Civil Practice

Lawyers Frustrated by Unreported Superior Court Cases

, The Legal Intelligencer

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Opinions are generally published if they establish new law, apply existing law to a unique set of facts, modify or criticize existing law, resolve conflicts within the courts, involve a legal issue of public interest, or significantly contribute to the body of law, among other things. The judges on a case's panel take a vote to decide whether or not a decision is ultimately deemed precedential. If the attorneys on either side or the trial judge who handled the case feel that the opinion should have been reported as precedential, they have 14 days to make a motion.

"I think the court is conscious between the cases that attract attention and those truly worth reporting from a legal standpoint," Hare said.

Hare pointed to the recent decision in Stettler v. Allied Signal, which led to 18 cases transferred, as the type of opinion that should be left unreported because, despite a lot of legal interest, it applied existing interpretations of venue statutes to a familiar fact pattern.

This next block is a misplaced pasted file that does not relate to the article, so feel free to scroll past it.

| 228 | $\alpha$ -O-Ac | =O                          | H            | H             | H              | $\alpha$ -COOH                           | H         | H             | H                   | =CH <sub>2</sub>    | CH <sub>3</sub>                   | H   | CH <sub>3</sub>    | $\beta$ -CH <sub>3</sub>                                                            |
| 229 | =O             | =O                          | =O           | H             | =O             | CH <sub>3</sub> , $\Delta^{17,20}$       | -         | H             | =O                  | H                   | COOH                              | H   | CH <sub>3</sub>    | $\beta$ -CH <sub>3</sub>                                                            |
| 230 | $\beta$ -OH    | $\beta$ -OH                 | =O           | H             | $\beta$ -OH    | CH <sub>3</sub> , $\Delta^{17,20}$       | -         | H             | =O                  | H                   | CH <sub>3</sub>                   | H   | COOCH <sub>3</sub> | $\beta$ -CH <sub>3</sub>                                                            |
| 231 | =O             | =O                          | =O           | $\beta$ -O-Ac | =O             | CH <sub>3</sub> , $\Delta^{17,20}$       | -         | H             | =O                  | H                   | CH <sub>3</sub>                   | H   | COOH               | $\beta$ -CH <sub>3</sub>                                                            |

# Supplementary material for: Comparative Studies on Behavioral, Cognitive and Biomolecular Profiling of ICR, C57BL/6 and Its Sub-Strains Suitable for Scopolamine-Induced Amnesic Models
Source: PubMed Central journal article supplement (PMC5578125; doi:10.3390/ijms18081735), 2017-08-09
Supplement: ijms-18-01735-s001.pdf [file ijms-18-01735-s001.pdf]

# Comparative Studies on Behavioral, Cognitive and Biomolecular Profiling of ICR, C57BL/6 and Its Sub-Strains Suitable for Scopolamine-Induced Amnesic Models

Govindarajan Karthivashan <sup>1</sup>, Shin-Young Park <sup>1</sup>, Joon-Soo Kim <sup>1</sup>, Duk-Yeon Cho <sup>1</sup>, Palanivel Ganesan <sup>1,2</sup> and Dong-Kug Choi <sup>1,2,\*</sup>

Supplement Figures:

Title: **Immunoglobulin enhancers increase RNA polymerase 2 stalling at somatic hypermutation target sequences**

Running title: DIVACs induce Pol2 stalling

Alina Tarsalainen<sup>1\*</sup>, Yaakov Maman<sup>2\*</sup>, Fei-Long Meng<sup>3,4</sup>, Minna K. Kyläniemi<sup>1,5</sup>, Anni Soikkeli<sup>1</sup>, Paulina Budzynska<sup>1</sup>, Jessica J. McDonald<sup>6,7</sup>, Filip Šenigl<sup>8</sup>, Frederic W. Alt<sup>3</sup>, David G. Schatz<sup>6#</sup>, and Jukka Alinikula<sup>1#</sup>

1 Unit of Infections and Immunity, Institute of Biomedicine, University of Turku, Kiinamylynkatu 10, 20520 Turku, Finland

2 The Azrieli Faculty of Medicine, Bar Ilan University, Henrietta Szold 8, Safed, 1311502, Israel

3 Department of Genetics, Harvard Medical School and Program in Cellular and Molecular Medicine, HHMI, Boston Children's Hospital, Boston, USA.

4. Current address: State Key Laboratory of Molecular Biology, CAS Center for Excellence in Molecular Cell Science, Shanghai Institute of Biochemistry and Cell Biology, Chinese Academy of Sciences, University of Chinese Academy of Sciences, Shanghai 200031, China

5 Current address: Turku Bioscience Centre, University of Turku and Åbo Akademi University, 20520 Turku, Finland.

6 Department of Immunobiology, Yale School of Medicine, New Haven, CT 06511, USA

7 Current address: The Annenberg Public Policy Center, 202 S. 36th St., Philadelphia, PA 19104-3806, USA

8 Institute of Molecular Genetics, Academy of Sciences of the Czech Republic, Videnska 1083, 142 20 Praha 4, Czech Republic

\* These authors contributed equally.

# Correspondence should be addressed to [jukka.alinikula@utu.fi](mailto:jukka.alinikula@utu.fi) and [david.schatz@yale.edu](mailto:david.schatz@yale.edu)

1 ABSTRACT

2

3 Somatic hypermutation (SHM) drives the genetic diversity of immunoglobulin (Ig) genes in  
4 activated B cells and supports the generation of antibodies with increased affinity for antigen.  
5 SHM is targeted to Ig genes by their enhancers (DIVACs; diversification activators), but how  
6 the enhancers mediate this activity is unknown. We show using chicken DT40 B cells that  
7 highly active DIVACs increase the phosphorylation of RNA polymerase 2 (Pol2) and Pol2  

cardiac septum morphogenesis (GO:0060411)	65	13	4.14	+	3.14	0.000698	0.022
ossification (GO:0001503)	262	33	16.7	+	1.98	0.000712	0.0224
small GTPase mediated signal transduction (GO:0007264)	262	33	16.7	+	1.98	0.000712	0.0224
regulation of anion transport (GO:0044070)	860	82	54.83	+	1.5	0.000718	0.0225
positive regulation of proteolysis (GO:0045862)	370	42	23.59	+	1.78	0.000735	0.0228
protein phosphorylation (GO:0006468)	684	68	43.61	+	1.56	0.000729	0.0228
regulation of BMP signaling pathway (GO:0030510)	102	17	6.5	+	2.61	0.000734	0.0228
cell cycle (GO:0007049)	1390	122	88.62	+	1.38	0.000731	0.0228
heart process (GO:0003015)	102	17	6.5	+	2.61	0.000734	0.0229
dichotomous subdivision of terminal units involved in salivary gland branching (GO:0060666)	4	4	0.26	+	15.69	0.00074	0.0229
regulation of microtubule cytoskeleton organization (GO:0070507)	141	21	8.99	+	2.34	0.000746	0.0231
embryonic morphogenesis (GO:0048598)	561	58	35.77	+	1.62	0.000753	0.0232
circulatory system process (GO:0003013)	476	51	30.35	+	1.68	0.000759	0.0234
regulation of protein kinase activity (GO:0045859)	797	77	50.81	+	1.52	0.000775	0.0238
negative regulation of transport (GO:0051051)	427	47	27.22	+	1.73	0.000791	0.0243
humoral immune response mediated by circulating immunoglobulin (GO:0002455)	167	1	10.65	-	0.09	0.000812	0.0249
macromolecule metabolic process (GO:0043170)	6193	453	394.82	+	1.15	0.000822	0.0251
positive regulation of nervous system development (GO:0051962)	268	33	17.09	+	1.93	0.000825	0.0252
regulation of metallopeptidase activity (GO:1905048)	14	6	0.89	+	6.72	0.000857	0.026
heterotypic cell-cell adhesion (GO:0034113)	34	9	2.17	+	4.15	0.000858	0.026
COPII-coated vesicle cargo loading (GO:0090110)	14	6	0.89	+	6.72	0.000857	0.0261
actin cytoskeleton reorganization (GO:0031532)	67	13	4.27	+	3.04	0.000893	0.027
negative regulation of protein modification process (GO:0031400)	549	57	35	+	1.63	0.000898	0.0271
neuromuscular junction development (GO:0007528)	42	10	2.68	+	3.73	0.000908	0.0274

The court's decision in Commonwealth v. Lynn, he said, was a good example of a high-profile case that was rightly issued as a reported decision, not because of media attention, but because the law ruled on a new application of a statute.

However, whether or not an opinion is worth deeming precedential is to some extent a matter of opinion.

"There are always going to be instances where perhaps what the judges think about the importance of the case might not be what the parties or other people think about it," appellate attorney Howard Bashman said. "It's difficult for the people on the outside to second-guess when you don't have the same considerations that the judges have."

Along with workload considerations, attorneys agreed that if the majority of the Superior Court's caseload were reported, the amount of new precedent created each year would be daunting.

"If every decision were published, there'd just be so much to sort through and you'd have to take into account all these decisions where you'd have to decide if you should cite everything that was pertinent," Bashman said.

Max Mitchell can be contacted at 215-557-2354 or mmitchell@alm.com. Follow him on Twitter @MMitchellTLI. •

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